This is one of our favorite supplement prompts because there are so many different approaches, and that open-endedness means you can be strategic with what you choose to write about.
Take a look at your personal statement and other Brandeis supplemental essays. What’s a value, area of expertise, or extracurricular experience that you haven’t highlighted yet? What word could help you show that side of you?
Here’s a great example for this prompt:
Brandeis University Essay Example 3:
“Because” is a word that requires its user to provide reasons for the claims they make. As a mathematician, “because” opens up the underlying logic of mathematical processes. As a scientist, “because” is how you earn people’s trust. Every scientist can claim something to be true, but unless there is sufficient evidence to provide for the “because” of their claim, no one will fully place their faith in them and their words, and discoveries, will remain in a vacuum. As a historian, “because” highlights the cause and effect of historical events, and can help us learn from our mistakes. In English class, “because” pushes us to support the inferences we make with evidence, which is something that we can only find by digging for a deeper meaning in the rhetorical tools used in literature.
When our actions hurt others and we explain ourselves, finding the “because” of those actions is a chance to discover what motivates us to act and what our needs are. Trying to understand another person’s “because” requires empathy and putting ourselves in the shoes of others. I believe that everyone has to make choices in their lives, but despite the outcomes, what matters most is that everyone has self awareness and empathy to provide for the “because” of their actions.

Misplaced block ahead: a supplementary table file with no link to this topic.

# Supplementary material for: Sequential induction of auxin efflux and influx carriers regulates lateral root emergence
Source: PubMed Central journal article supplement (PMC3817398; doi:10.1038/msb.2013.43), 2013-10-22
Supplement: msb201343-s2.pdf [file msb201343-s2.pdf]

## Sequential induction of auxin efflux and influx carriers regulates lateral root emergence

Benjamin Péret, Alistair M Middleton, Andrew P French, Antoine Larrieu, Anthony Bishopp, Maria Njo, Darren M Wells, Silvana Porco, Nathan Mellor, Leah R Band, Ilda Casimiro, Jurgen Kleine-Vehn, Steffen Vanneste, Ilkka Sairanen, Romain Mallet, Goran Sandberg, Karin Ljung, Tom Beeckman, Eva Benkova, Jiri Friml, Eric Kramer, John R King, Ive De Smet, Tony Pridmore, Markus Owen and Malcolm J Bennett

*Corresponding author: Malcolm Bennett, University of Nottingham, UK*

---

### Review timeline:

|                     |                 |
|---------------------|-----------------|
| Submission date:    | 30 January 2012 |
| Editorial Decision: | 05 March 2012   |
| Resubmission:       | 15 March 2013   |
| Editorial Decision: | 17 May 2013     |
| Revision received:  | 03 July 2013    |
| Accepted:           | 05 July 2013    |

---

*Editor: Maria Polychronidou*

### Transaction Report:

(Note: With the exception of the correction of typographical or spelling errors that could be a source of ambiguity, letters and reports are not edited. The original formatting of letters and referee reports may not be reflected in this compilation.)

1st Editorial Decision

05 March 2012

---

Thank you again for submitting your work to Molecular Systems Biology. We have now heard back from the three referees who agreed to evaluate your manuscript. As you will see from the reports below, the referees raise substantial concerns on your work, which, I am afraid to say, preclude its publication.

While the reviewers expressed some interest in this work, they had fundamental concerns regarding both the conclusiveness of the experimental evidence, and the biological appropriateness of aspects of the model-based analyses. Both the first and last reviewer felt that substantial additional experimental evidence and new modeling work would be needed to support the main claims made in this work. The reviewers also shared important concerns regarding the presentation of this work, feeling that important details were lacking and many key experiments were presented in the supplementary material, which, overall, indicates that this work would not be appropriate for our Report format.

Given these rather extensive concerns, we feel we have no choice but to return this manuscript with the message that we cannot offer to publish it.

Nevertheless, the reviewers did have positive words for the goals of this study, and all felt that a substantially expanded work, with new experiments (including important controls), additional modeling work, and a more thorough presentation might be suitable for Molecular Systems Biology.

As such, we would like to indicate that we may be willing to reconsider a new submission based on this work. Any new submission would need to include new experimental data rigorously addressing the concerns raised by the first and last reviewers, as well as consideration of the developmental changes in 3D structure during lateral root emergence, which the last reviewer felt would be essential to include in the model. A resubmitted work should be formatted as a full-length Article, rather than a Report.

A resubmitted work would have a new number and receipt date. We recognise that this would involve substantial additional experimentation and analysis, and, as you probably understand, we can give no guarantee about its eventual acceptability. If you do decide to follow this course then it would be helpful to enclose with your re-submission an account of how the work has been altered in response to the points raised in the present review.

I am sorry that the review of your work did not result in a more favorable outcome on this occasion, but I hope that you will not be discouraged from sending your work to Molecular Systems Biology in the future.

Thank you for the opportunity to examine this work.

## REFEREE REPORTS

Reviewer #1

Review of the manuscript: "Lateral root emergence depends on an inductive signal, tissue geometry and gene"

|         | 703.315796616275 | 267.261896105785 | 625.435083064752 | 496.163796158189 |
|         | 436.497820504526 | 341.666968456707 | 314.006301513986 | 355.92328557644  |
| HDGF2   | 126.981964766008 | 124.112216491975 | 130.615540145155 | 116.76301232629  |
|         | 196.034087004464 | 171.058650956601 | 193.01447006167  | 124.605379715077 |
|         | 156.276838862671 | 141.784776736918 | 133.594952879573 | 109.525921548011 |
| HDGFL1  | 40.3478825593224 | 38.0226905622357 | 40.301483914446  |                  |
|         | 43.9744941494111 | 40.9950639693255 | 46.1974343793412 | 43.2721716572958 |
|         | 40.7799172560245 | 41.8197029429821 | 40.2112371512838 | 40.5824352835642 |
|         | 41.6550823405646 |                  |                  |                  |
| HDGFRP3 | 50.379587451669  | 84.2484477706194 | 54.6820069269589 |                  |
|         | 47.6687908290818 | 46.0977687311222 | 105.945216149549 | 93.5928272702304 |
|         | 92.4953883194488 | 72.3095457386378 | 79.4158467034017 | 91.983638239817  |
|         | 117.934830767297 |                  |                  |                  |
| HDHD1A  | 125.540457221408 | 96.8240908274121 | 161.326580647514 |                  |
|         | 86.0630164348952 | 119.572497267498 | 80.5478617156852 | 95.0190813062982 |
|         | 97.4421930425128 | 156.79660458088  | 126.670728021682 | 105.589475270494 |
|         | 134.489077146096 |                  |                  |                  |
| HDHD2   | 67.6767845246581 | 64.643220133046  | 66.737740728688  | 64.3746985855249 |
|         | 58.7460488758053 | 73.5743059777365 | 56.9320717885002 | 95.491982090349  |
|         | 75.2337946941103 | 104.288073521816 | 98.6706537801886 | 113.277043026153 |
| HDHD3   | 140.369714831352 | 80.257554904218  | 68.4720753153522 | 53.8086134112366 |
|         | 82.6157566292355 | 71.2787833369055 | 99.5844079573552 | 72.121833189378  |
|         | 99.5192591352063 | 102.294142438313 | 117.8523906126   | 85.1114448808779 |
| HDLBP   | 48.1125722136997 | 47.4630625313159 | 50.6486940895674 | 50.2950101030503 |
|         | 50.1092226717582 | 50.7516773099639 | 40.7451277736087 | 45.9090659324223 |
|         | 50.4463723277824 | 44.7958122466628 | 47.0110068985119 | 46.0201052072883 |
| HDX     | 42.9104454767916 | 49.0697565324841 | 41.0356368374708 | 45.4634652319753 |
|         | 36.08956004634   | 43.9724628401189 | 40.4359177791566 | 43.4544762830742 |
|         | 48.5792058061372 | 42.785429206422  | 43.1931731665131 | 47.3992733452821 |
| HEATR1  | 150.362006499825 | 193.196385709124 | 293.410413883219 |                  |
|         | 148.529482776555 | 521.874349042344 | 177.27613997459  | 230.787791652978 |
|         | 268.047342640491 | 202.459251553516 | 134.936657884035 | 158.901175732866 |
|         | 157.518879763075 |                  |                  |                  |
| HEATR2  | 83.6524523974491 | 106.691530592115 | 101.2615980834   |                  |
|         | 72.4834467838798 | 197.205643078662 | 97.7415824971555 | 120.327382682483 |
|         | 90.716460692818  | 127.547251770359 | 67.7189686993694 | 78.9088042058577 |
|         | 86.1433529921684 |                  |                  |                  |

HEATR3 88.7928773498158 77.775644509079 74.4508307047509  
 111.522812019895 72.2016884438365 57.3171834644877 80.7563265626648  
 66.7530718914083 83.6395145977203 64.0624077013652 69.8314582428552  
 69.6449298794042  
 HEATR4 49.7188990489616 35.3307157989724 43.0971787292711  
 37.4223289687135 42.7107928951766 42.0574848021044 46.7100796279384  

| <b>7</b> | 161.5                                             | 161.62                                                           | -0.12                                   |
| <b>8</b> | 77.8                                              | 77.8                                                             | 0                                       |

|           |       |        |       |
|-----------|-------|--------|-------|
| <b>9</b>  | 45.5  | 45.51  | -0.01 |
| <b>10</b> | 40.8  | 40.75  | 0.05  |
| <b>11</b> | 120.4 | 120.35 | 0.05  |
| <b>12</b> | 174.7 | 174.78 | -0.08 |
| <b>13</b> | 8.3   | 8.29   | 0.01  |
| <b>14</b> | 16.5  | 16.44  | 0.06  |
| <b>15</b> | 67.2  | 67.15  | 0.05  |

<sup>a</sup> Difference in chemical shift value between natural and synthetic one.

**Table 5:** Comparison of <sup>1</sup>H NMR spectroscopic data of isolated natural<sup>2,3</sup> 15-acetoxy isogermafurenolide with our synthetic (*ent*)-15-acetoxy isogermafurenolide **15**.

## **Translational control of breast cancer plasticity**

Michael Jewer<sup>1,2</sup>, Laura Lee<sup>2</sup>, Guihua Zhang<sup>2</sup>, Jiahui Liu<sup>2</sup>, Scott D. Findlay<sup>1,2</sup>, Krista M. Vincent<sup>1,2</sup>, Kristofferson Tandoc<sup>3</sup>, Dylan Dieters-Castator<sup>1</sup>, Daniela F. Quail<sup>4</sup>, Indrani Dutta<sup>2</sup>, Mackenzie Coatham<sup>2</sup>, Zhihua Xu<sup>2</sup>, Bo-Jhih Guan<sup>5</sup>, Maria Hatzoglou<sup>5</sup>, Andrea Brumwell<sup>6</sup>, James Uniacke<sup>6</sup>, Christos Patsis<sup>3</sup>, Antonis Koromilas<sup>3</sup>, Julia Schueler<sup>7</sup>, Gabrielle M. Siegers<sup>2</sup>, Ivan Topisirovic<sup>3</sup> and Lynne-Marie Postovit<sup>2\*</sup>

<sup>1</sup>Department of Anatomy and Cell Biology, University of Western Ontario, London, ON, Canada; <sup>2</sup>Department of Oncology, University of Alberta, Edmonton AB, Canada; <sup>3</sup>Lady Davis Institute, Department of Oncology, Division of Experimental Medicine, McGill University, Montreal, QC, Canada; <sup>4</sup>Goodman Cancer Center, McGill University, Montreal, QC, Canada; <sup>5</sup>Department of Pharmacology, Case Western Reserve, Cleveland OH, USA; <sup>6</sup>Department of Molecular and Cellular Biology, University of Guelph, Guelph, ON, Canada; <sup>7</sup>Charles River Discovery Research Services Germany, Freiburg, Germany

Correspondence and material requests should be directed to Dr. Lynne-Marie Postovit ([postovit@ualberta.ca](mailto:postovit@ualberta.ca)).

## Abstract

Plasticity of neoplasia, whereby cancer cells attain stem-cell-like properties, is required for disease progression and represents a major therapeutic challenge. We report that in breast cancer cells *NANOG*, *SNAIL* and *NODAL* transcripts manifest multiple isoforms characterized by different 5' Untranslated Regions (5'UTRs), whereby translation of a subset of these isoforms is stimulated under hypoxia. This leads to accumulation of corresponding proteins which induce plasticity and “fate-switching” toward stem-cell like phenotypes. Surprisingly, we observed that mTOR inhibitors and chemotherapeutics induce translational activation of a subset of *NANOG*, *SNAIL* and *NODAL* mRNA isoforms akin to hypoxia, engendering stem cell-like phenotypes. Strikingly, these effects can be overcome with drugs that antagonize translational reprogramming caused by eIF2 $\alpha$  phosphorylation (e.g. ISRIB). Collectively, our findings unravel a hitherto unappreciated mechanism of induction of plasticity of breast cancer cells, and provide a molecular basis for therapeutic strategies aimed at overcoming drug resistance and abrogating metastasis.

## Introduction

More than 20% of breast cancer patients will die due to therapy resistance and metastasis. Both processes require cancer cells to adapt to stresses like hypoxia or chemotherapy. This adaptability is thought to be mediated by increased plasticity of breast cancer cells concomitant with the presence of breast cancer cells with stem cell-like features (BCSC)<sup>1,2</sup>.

Whether scientific or historical, academic or empathetic, “because” is a word that allows people to dive deeper into the ocean full of information, rather than just skimming the surface.
— — —
Tips + Analysis
Consider highlighting the word’s various meanings and connotations. In the example above, the author’s choice of a familiar word works because she ties it to a range of different values through academic contexts (science → trust, history → growth, English → reason). She’s then able to pivot to a non-academic understanding of her word, allowing her to demonstrate her empathy—something that was incredibly important to this student. Here are some more questions to think about as you brainstorm content for a particular word:
Does the word mean something different to you than it does to others?
Has your understanding of this word’s meaning changed over time?
Why is this word better than other, similar words?
Perhaps share where you learned the word. Did you learn this word on your own? Was it taught to you as part of a program or internship? Is it tied to a distinct memory? Sharing where you first heard a word or where you learned the word can be a chance to highlight an academic or extracurricular experience you’ve had that hasn’t come up in your personal statement or other Brandeis supplementals. It can also provide the chance to discuss a meaningful memory or relationship that feels missing in the rest of your application.
Maybe discuss the word’s etymology. Where does this word come from? Is it a result of two cultures coming together? Is it a new spelling of an older word? Does this word tie you to your past? Highlighting a word’s etymology can be a chance to share your value of family, history, or culture.
With these tips and examples in your back pocket, you’re ready to write some meaningful, impactful essays for the Brandeis supplemental essays.